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Personal finance

When should you start saving for college?

Childhood goes from crib to kindergarten in the blink of an eye. Before you know it, college will be next. But you'll be ready!
6 minute read

Short answer: The earlier, the better ...

The earlier you save, the more time your money has to grow. This is the magic of compounding—when your returns earn more returns and so on. You can open a 529 and make the most of the time you have as soon as the beneficiary has a Social Security number!

Learn more about your education savings options


Here's an example

Let's say you start saving for college when your child is born. You invest in an account and save $25 a week for the first 9 years of their life but then stop—for a total investment of $11,700. If your account earns 6% a year, you'll have about $26,750 at the end of 18 years.

Now let's say you wait 9 years before you start to save, and then save the same $25 per week until your child is 18. Factoring in the $11,700 investment and 6% return, you'll have accumulated about $15,800 by the time they go off to college.

As you can see, you'll earn almost $11,000 more for college in the first scenario, thanks to the power of compounding!

Saving earlier means you'll have more for college

This hypothetical illustration assumes an annual 6% return. This illustration does not represent any particular investment nor does it account for inflation or taxes.

Only 529 plans offer both tax deductions (depending on your state) and tax-free withdrawals when used for college.*

… But it's never too late

Even though the benefits of saving early are dramatic, there's still value in starting now—even if your child is in high school. The dollars you save won't have as much time to grow, but they're still dollars you won't be borrowing.

If you choose an account that gives you tax benefits—whether it's immediate tax deductions or tax-free withdrawals—you'll be in an even better position.

And don't forget, your child will be in college for several years. So consider leaving your money in the account as long as possible to let it grow.

Learn about The Vanguard 529 Plan

The clock is ticking!

Ready to get started? There's no time like the present!

Find out which education savings plan is right for you

Where does college fit into your priorities?

See how to juggle multiple financial goals

We're here to help

Talk with one of our education savings specialists.

Call 866-734-4533

Monday through Friday
8 a.m. to 8 p.m., Eastern time

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Frequently asked questions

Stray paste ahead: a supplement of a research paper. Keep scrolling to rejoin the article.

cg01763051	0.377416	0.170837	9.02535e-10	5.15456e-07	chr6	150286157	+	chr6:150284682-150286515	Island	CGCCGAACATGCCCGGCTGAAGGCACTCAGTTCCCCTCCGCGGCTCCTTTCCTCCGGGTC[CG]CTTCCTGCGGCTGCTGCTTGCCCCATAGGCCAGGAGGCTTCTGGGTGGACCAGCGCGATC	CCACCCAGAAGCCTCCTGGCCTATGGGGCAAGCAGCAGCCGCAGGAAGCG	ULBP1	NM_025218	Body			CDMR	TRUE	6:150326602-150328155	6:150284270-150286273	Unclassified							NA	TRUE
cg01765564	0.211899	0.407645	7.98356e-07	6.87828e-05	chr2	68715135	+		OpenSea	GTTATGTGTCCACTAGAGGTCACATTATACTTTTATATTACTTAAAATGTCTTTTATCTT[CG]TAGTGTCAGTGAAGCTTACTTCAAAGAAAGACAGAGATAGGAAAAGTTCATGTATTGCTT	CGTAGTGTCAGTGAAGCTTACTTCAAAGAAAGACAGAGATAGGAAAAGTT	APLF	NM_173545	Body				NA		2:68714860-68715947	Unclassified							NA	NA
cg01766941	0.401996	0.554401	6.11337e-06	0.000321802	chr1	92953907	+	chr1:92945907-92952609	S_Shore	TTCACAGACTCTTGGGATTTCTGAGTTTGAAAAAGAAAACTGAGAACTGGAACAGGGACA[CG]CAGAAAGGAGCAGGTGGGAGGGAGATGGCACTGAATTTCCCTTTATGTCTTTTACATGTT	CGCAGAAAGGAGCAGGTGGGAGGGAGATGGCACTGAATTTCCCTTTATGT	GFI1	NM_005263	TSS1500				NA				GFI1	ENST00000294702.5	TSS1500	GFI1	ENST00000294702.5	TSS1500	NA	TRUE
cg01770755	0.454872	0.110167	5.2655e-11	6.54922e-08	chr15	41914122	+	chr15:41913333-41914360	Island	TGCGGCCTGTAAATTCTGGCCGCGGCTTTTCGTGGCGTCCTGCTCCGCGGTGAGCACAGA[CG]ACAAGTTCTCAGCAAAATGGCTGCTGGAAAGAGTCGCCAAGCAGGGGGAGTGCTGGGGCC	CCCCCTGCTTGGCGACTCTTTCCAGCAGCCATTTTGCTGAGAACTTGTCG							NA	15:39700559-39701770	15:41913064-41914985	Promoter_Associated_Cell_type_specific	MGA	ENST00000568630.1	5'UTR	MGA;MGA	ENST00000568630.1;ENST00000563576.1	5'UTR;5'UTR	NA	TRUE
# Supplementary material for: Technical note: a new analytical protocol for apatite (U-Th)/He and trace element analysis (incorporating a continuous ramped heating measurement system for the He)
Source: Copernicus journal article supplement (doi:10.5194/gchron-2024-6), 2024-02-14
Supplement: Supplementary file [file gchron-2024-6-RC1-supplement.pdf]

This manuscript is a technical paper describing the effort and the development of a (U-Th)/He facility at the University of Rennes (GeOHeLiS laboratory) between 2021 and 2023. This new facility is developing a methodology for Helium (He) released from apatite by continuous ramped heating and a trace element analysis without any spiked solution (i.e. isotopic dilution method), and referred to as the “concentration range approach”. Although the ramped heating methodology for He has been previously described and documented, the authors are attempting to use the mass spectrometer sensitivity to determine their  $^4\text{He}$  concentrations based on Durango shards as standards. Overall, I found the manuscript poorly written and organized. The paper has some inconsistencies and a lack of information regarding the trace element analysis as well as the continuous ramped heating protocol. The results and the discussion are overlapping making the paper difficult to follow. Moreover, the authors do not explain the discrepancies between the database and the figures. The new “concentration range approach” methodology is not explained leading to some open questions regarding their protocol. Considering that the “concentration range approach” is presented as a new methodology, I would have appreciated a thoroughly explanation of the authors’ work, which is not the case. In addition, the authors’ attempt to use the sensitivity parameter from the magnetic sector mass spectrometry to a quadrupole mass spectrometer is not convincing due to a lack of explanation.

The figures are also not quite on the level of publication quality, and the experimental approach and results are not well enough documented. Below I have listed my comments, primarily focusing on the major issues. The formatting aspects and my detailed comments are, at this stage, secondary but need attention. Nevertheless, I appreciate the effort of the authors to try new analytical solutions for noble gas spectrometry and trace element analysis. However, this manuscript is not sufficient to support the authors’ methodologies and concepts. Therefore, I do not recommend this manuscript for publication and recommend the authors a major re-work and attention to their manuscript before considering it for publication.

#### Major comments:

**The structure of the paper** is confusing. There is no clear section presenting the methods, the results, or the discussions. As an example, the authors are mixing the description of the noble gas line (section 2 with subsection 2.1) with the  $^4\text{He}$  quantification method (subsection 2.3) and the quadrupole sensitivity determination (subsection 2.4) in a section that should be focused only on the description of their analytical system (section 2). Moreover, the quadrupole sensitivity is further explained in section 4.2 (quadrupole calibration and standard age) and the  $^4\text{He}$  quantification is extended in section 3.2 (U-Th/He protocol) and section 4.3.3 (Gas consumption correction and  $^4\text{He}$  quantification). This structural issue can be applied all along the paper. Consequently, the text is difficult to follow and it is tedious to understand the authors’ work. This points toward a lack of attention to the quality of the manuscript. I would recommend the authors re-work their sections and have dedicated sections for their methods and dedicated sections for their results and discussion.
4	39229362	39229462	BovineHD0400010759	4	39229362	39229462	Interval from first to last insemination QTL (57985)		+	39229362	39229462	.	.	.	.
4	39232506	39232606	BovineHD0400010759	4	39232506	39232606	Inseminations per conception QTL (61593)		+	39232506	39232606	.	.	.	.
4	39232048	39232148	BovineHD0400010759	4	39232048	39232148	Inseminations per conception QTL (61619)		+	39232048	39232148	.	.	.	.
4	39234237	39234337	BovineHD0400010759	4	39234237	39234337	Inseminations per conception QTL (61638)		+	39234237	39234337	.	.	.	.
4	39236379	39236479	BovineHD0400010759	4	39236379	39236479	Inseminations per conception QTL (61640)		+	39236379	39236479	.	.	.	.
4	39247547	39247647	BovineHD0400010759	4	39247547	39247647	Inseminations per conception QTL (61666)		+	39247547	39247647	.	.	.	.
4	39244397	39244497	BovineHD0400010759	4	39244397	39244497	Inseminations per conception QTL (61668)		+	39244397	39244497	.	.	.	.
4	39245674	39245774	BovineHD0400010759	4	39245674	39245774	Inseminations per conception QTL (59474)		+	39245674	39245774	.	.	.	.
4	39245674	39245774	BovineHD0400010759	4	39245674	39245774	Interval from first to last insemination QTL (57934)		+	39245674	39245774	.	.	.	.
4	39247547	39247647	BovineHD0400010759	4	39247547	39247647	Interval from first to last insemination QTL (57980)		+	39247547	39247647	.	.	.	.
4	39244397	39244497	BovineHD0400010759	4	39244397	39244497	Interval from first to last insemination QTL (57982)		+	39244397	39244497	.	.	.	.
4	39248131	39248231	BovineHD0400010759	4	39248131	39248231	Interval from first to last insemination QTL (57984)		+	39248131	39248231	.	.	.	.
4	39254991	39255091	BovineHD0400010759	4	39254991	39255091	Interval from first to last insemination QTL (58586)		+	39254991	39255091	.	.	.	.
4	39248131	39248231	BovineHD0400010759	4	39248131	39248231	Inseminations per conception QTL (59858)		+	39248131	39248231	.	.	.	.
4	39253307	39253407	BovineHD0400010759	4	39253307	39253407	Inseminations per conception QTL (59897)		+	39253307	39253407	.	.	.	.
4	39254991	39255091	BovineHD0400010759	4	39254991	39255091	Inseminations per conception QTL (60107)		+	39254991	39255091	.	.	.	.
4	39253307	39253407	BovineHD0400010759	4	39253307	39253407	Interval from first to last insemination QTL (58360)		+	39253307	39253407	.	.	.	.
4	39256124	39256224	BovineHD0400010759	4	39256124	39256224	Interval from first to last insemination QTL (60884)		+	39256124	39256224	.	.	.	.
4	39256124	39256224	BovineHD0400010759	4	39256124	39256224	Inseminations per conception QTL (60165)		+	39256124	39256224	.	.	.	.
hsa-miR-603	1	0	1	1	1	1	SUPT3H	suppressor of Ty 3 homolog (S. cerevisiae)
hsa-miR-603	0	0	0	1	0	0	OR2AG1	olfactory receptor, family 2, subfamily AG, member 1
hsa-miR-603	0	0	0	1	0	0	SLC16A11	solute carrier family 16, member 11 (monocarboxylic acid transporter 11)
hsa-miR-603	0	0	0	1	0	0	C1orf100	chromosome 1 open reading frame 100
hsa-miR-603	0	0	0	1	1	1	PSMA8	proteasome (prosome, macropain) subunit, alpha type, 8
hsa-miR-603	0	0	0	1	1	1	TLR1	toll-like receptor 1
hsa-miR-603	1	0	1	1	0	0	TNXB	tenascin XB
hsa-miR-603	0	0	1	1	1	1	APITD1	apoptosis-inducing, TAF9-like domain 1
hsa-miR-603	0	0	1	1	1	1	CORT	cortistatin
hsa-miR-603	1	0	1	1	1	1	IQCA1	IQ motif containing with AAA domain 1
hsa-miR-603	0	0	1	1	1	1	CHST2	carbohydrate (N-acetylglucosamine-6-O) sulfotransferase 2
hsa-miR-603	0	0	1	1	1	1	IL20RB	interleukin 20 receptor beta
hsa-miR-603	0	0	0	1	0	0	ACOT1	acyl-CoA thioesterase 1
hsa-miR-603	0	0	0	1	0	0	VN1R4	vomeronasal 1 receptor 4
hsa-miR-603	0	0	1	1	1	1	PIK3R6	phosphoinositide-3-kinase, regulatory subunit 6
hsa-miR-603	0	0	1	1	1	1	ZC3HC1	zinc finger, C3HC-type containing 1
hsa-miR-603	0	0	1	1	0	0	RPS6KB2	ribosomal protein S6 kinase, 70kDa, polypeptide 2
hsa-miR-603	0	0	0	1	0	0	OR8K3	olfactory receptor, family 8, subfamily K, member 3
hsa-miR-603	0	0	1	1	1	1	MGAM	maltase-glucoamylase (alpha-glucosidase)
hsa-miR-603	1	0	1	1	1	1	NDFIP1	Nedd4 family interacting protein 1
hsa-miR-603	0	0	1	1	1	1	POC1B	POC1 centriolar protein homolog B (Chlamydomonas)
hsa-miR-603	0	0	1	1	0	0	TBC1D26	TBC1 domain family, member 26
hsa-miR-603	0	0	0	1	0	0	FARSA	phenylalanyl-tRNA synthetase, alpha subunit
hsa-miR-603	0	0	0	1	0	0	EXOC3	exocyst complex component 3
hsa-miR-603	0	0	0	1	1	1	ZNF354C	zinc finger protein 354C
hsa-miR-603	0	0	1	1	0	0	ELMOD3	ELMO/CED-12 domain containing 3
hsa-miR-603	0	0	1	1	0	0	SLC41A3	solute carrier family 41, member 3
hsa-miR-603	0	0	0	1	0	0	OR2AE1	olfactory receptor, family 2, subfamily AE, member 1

The earlier, the better! You can open a 529 plan as soon as the beneficiary has a Social Security number.

The amount you should save depends on which college your child attends. You can use our college savings planner to estimate college costs.

Take advantage of the power of compounding by starting as soon as you can! We've found that accounts opened before the beneficiary turns one have a median account value of almost $52,000, more than 2.5 times higher than accounts opened when the beneficiary is 10.**

There are no disadvantages to saving early. And if you're not certain the money will be used for education, that's okay. 529s offer flexibility—in addition to 4-year colleges and tuition, the money can be put toward trade school, K–12 expenses, and study abroad programs. And with SECURE 2.0, unused 529 funds can be converted to Roth IRA savings for the beneficiary.

*The availability of tax or other benefits may be contingent on meeting other requirements.

**Vanguard calculations, using data from Ascensus, as of December 31, 2022.

For more information about any 529 college savings plan, contact the plan provider to obtain a Program Description, which includes investment objectives, risks, charges, expenses, and other information; read and consider it carefully before investing. If you are not a taxpayer of the state offering the plan, consider before investing whether your or the designated beneficiary's home state offers any state tax or other benefits that are only available for investments in such state's qualified tuition program. Vanguard Marketing Corporation serves as distributor for some 529 plans.

All investing is subject to risk, including the possible loss of the money you invest.